Richard Botting’s research focuses on the theory and practice of software development. He wrote his first program (solving a quadratic equation) while still a schoolboy in the 1950s. His search for better methods started when he worked as a scientific programmer at Imperial Chemical Industries in the 1960s. In turn, he has been agile, formal, modular, structured, data driven, dynamic, functional, incremental, and object oriented.
Richard earned a PhD in Computer Science (1971) and a B. Tech. in Applied Mathematics (1968) at Brunel University (UK). His PhD thesis explored the fundamental algorithms of computer graphics. Richard joined the faculty of the Computer Science Department at Brunel University in 1970. He researched structured methods and tools. In 1978, he moved to the British Civil Service College to learn Michael Jackson’s methods. He taught about the systems development method (SDM), and helped develop the structured systems analysis and design methodology (SSADM).
In 1981, Richard moved to California State University, San Bernardino. He founded its computer science department in 1982, and was its first chair. He pioneered using computers in teaching in the 1980s, and using the Web in teaching in the 1990s. He started by experimenting with rapid prototyping and evolutionary delivery to make tools for his students. He is in the fifth and eighth editions of Who’s who among America’s teachers, after being nominated for the campus’ outstanding teacher reward. Richard serves on many committees.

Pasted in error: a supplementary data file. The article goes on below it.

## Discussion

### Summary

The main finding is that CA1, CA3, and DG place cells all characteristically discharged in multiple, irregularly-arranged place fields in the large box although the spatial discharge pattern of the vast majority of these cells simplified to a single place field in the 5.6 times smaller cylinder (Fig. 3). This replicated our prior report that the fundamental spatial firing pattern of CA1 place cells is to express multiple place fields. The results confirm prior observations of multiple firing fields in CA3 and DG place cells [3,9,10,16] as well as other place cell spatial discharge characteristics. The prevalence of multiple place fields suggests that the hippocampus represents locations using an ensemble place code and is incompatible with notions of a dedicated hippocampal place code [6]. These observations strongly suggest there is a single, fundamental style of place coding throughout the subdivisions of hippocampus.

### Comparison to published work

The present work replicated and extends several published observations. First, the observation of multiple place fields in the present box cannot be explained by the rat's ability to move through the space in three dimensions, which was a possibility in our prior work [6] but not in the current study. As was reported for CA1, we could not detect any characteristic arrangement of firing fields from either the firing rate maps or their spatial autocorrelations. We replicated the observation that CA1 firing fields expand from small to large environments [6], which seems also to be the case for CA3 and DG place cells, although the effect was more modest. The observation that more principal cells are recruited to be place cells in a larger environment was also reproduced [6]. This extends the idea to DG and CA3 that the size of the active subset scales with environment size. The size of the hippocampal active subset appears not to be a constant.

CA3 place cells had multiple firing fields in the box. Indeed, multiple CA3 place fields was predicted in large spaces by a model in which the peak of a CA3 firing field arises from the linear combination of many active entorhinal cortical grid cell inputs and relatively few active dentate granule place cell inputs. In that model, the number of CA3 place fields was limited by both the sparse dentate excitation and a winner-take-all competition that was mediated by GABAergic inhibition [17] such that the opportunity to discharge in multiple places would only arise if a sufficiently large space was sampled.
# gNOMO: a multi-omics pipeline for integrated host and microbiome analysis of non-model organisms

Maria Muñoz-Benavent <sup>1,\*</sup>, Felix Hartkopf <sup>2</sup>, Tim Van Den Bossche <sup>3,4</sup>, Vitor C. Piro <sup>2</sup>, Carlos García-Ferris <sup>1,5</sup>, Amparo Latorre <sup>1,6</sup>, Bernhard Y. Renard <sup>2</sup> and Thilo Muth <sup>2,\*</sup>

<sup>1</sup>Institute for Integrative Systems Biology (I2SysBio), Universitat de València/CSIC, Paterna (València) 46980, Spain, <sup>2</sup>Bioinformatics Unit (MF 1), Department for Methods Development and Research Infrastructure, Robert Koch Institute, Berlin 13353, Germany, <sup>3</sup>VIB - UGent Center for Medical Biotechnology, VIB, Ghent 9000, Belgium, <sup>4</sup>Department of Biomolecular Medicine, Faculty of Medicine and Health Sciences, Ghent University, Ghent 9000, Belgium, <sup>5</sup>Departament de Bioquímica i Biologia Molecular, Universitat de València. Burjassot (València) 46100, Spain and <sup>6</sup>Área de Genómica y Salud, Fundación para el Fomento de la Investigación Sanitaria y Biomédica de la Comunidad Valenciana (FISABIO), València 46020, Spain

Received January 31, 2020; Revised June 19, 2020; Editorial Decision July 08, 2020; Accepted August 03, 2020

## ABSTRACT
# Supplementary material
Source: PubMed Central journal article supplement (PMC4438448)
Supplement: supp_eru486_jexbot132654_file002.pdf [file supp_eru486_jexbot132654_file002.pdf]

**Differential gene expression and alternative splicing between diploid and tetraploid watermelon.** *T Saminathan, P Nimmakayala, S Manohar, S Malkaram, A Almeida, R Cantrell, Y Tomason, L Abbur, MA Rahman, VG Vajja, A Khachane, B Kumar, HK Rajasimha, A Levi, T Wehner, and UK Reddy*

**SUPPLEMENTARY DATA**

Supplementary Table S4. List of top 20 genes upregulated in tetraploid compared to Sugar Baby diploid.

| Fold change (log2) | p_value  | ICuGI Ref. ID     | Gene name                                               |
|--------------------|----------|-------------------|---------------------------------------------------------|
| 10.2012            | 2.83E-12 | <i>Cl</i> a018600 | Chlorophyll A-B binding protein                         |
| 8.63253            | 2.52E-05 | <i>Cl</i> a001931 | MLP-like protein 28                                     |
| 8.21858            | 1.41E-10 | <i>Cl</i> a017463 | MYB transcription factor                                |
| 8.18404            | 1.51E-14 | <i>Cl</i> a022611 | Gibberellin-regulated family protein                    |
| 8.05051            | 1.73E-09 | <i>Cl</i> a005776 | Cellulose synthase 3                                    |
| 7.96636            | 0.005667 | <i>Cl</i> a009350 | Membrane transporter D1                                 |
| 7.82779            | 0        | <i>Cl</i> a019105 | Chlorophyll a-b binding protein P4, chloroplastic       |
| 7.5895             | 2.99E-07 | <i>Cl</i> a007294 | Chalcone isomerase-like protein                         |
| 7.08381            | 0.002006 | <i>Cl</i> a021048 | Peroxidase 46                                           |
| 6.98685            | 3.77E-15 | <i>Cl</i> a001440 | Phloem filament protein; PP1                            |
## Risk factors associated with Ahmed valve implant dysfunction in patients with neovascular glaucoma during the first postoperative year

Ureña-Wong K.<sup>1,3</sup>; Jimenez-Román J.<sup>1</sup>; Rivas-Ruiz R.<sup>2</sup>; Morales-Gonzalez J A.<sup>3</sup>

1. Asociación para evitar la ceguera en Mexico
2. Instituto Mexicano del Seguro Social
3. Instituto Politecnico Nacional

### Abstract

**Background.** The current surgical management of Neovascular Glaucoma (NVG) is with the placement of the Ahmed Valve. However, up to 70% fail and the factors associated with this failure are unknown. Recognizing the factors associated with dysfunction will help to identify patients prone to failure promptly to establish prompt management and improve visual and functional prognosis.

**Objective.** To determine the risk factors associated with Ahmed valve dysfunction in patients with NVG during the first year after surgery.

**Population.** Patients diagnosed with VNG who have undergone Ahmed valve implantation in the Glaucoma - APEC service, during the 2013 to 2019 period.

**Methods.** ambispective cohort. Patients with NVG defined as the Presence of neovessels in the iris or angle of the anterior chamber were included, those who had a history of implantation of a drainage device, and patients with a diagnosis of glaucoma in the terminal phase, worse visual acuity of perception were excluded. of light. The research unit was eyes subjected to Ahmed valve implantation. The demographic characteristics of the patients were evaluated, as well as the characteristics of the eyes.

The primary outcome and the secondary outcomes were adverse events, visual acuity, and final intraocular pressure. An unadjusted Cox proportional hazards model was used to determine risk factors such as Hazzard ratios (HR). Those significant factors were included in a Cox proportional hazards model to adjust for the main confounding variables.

From 1996 to 2001, he was the network administrator for the computer science department. Currently, he gives seminars introducing new technologies. In the 2005 series, he initiated the move from UML1 to UML2. He also presents papers at national and international conferences. Recent topics have been the evolution of software, and ethical ways to teach professional ethics. He is a reviewer for many conferences, journals, and publishers.
He developed a documentation language that included discrete mathematics, logic, and proofs, and created a translator into Hypertext Markup Language (HTML). He now uses this in teaching and to maintain a searchable Web site on software development (http://www.csci.csusb.edu/dick/). This covers people, notations, tools, methods, processes, languages, logics, and mathematics. The site has notes and links on every topic from "agility" to "Z," and a growing bibliography of at least 3,000 publications. It has specifications and tutorials for many languages, including ML, Java, unified modeling language (UML), and PHP: hypertext preprocessor (PHP). He records his current interests and activities in a blog on his site.
Richard lives in San Bernardino, California, and acts as system administrator for his wife’s Macintosh. His interests include music, books, birds, and classic movies.